Tithing is a controversial topic among Christians. People have many questions and concerns about it, but disagreeing about what to sacrifice to God is not a new debate. This is a very old argument. In fact, one of the first disagreements we read about in the Bible arose between people precisely on the issue of sacrifice — when Cain was offended by Abel because of his sacrifice (see Genesis 4:3-5).

Today I want to tell you what I see in the scriptures about tithing and what I personally believe about it. I have no desire to argue with anyone. From experience I know that if a person decides tithing is optional and unimportant for him, then convincing him otherwise is not easy. He will continue to argue. But for those who believe tithing is an important part of their relationship with God, this post will be an encouragement.

Some people believe that Jesus abolished all the laws of the Old Testament and that this means tithing does not apply to people living in the New Testament. However, that is not true. Tithing is not a rule of the Old or New Testament. Tithing is simply part of having a relationship with God. It’s a principle that existed long before the law of Moses.

When a person gives God ten percent of his income, he thereby tells himself, God and all those around him that he is not a self-sufficient person who can perfectly take care of himself, using only his own strength, skills, knowledge and experience. Tithing to God, shows that this person recognizes God as the source of his strength, knowledge, income, security and everything he has!

We see examples of this in the Bible. Abraham was prompted to tithe to the priest Melchizedek 430 years before the law of Moses was given (see Genesis 14:20). And Jacob dedicated a tenth of all he had to God 300 years before the Law (see Genesis 28:22). It’s hard for me to say whether Abraham and Jacob knew that a tenth of everything on the earth belonged to the Lord — this was later written in Leviticus 27:30 — but they definitely recognized that God was their source of security.

So, tithing was not an innovation of the Law of Moses. It was part of having a relationship with God long before the Jewish people received the Law. The law of Moses gave the Israelites exact rules and regulations on how to properly tithe, from which fruit they should tithe, and where their tithe should be brought. It also contained other practical instruction about tithing.

However, we learn from the book of Malachi that over time the Israelites either ceased to tithe at all or brought their tithe and forgot how central it was to their relationship with God. Because they lost sight of the purpose of tithing, the people began to bring bad things to God, sometimes even bringing things of such poor quality that they themselves could not have even used them.

But God does not reject tithes — He corrects our motivation and focuses on the attitude with which we bring our gifts to Him. This is exactly what 2 Corinthians 9:7 says:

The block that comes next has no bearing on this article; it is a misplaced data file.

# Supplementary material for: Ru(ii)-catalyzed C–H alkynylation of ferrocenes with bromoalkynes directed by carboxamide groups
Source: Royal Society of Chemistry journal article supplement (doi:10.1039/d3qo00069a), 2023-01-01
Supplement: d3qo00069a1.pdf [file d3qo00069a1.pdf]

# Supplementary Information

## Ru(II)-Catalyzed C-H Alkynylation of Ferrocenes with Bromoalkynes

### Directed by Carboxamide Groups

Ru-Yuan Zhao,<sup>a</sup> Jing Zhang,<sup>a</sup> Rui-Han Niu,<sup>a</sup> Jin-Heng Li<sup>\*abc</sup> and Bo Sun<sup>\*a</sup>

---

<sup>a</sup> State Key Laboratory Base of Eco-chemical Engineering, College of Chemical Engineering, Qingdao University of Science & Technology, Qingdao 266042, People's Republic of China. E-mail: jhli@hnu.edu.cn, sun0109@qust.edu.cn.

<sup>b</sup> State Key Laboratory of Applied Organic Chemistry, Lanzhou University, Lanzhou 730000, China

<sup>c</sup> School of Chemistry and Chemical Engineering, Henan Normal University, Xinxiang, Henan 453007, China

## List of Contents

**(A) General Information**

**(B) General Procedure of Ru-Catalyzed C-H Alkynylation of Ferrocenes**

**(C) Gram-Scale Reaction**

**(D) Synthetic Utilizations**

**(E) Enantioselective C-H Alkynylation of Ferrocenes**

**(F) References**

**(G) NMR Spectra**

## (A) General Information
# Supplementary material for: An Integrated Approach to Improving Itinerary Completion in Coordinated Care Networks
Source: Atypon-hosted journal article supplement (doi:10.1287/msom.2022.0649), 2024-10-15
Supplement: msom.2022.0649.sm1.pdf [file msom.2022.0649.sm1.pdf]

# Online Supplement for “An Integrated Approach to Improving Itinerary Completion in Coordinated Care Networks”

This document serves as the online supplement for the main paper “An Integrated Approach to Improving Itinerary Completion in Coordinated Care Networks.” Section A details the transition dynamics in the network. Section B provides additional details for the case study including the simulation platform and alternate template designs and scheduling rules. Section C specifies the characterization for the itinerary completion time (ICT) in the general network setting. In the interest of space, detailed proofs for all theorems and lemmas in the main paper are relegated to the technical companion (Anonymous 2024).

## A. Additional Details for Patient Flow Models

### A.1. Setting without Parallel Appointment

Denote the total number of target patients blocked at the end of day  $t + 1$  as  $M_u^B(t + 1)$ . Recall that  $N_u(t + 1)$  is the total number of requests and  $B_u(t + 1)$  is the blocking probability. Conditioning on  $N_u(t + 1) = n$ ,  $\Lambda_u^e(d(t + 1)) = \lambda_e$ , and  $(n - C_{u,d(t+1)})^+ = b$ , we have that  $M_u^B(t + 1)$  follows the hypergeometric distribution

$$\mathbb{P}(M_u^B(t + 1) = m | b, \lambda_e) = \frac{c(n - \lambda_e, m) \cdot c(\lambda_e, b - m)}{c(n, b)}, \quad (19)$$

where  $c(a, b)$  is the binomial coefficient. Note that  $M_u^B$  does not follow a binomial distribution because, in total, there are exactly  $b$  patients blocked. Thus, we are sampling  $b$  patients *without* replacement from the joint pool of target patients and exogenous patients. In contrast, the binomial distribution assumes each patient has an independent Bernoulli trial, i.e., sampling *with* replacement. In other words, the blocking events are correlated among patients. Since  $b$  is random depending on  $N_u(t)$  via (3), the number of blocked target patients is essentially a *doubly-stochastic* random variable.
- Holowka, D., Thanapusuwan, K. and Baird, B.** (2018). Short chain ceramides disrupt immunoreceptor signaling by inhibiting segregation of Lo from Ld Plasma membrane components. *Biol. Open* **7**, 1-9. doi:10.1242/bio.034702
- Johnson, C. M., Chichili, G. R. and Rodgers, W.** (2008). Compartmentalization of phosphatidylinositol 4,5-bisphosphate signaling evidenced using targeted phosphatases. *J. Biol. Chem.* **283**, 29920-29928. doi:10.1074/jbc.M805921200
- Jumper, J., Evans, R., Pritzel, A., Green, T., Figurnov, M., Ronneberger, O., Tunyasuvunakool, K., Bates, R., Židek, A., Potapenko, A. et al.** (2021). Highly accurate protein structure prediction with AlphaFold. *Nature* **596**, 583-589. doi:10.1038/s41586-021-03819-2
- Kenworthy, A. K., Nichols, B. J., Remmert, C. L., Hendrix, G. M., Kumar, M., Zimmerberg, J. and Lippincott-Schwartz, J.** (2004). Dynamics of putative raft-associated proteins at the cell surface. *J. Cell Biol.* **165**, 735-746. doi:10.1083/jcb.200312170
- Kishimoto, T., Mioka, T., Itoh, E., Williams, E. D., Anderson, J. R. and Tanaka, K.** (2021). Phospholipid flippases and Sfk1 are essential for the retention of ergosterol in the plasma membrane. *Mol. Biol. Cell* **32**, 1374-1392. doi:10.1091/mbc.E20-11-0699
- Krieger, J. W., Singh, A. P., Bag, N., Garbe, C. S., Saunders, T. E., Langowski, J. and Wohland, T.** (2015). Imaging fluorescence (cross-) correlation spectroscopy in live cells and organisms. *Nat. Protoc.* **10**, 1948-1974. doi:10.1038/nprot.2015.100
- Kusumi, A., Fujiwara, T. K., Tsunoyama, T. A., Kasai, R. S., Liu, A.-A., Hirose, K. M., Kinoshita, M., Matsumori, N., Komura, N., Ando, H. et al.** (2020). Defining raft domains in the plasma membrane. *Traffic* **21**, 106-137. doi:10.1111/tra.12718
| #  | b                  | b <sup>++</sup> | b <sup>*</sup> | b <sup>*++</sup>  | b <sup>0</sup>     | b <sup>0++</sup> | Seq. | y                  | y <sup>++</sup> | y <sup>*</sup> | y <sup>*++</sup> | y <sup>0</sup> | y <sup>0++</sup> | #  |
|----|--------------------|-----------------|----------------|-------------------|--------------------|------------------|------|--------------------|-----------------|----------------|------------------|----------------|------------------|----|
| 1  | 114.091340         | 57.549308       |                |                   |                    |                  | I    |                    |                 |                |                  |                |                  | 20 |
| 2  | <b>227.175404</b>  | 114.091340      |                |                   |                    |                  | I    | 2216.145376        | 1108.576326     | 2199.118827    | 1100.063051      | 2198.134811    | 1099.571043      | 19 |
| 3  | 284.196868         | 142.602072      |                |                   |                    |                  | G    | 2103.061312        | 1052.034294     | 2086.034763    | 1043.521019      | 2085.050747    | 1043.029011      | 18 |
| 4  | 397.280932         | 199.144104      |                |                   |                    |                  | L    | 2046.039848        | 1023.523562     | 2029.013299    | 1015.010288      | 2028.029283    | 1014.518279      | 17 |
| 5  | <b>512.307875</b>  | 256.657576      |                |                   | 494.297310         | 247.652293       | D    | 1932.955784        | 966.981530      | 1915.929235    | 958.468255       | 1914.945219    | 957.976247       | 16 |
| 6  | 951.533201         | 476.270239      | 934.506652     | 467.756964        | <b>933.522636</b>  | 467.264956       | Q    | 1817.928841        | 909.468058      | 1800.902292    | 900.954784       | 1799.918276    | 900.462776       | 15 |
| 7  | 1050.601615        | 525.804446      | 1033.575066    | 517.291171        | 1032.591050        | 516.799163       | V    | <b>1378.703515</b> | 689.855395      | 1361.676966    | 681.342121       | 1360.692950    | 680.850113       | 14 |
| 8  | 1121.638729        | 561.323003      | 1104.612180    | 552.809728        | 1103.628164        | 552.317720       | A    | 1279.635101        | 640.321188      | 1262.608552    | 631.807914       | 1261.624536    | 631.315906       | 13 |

“Each of you should give what you have decided in your heart to give, not reluctantly or under compulsion, for God loves a cheerful giver.”

In the New Testament, the Lord warns us against the mistakes made by people living according to the principles of the Old Testament, bringing their tithes as a duty to the law, under duress.


I think that for you and me the opinion of our Lord on this topic is very important. Therefore, I want to remind you that Jesus speaks of tithing in the New Testament:

“Give back to Caesar what is Caesar’s, and to God what is God’s” (Matthew 22:15-22).

That is, it is necessary to honor God as the ultimate authority and power in our lives, and it’s also important to recognize the state as the human authority and power in our lives on earth. And Jesus also said that the Pharisees did the right thing, giving from both a large income and the smallest income (see Matthew 23:23).


When a believer decides to tithe, he usually asks the following question: where should I give my tithe? Tithing must be given to the local church, the place that is your spiritual home. Ultimately, the local church is meant to be the place where believers attend, submit to the leadership of the pastor and bring their tithe.

But there are also people who, for various reasons, cannot attend a local church. Some of these people are spiritually fed by churches who stream their services online. We have people who watch our church’s service, the Moscow Good News Church, online, and they send their tithes to our church while they’re watching. This tells me a lot. It means that these people consider our church to be their spiritual home and have allowed me to be their pastor. I am grateful to them for this and appreciate their trust.

As a pastor, I pray for our online church family and ask the Lord to:

  • pour out blessings upon them abundantly,
  • rebuke the devourer from stealing or exterminating what rightfully belongs to these believers,
  • give them success in all matters, so that these people would be able to bear good fruit in everything they do.